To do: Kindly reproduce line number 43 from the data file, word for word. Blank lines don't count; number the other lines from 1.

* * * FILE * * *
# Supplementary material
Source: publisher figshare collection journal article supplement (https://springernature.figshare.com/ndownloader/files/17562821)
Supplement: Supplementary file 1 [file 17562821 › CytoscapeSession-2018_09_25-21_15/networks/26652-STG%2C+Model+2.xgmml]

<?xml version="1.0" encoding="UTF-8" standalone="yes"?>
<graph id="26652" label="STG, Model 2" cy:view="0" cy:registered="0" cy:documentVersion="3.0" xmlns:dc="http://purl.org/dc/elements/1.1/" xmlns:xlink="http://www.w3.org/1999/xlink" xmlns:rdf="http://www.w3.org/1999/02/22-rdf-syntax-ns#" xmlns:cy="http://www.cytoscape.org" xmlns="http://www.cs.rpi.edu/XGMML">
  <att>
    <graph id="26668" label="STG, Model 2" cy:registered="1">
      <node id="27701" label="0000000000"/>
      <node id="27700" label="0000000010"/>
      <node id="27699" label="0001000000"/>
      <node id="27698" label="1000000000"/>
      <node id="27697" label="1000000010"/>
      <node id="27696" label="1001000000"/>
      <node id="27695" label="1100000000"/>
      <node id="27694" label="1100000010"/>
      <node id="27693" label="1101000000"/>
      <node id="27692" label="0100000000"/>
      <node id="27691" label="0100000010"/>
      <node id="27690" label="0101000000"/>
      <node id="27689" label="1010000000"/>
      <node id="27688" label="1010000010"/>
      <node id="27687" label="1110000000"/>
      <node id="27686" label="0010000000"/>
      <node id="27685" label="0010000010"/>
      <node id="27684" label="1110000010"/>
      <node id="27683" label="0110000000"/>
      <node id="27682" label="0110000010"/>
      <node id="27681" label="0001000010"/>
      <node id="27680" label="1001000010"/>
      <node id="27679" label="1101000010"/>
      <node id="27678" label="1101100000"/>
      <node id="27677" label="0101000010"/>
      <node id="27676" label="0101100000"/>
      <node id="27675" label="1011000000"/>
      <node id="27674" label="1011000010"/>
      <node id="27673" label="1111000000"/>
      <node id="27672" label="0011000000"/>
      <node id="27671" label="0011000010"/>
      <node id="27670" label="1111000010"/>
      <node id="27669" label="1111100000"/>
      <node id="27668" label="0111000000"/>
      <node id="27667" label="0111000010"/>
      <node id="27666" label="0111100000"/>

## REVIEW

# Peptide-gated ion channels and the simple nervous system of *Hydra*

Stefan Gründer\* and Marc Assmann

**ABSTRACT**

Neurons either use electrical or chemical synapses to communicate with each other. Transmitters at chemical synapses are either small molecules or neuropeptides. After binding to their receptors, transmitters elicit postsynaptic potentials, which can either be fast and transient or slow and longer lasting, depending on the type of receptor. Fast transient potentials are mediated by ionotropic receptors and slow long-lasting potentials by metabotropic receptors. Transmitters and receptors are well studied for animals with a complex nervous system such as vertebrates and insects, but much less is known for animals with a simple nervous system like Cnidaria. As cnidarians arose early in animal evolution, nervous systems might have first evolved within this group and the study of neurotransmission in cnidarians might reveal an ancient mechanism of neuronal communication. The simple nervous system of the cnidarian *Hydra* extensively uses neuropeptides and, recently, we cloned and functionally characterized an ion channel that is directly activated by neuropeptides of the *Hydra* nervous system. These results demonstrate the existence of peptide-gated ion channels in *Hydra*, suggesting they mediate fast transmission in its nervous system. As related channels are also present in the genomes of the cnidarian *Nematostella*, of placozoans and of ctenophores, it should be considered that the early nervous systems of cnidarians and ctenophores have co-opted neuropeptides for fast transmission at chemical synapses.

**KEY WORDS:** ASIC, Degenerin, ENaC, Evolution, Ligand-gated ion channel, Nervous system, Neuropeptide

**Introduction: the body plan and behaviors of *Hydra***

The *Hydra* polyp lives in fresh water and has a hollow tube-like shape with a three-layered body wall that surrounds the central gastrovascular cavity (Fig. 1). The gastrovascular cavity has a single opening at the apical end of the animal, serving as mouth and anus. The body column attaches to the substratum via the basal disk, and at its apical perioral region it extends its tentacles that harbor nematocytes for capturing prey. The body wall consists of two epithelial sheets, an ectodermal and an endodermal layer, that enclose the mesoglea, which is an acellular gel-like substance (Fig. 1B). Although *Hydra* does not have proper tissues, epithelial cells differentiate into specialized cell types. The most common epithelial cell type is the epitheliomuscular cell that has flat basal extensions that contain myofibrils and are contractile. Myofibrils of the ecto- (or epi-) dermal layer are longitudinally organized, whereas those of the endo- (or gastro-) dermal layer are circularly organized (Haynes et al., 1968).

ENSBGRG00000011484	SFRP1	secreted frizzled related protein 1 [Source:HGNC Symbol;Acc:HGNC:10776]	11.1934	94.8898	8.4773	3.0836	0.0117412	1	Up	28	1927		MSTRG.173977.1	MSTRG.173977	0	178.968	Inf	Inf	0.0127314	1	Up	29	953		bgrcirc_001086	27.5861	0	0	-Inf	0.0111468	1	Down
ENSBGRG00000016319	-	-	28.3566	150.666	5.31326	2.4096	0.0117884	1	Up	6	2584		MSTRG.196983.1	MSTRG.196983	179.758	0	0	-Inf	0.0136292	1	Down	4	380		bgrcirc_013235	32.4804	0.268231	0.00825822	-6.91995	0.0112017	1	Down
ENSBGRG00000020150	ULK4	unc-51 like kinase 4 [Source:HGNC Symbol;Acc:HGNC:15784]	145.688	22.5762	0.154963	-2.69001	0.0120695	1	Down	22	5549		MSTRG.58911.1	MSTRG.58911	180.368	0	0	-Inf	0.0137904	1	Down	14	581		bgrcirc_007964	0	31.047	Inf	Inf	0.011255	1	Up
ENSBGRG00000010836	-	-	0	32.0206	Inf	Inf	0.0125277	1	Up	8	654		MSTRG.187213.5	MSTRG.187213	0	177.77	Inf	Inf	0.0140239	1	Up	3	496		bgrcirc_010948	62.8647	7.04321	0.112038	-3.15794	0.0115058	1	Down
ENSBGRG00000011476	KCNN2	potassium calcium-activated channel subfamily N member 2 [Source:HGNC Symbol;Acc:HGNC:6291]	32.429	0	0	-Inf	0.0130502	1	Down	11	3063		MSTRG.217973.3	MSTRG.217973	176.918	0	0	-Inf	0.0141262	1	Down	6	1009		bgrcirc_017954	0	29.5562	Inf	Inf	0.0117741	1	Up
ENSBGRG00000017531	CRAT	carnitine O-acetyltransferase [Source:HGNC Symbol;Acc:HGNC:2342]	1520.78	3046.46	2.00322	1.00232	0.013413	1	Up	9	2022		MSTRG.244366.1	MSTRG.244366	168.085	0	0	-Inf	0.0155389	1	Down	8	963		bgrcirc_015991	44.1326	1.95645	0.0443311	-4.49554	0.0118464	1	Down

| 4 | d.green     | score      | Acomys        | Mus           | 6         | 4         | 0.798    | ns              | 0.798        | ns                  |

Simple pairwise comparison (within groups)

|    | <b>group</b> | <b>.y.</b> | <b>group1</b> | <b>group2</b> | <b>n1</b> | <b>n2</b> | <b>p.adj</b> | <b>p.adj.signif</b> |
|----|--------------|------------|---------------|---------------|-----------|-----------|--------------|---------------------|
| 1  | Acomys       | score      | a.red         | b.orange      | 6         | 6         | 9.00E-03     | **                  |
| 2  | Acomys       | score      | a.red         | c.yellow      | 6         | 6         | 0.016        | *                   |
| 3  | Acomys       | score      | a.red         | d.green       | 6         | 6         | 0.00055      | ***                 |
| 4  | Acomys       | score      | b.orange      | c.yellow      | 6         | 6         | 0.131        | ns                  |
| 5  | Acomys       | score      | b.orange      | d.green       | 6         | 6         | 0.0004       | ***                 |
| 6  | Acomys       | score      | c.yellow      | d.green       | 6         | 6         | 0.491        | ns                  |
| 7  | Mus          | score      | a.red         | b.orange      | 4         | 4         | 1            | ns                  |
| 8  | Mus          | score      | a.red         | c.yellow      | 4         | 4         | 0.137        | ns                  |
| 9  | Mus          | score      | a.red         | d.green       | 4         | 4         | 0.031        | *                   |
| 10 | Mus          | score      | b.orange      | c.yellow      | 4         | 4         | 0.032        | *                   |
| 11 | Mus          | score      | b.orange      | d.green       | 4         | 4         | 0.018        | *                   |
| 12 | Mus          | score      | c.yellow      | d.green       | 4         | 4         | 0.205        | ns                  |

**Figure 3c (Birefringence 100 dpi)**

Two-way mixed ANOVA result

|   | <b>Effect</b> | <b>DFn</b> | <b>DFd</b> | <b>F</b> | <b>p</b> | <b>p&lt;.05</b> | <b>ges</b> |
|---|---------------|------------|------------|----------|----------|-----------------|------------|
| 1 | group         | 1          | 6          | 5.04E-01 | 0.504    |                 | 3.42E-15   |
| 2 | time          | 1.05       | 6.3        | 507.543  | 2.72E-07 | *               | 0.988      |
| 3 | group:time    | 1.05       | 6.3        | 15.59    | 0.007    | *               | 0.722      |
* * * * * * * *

      <node id="27666" label="0111100000"/>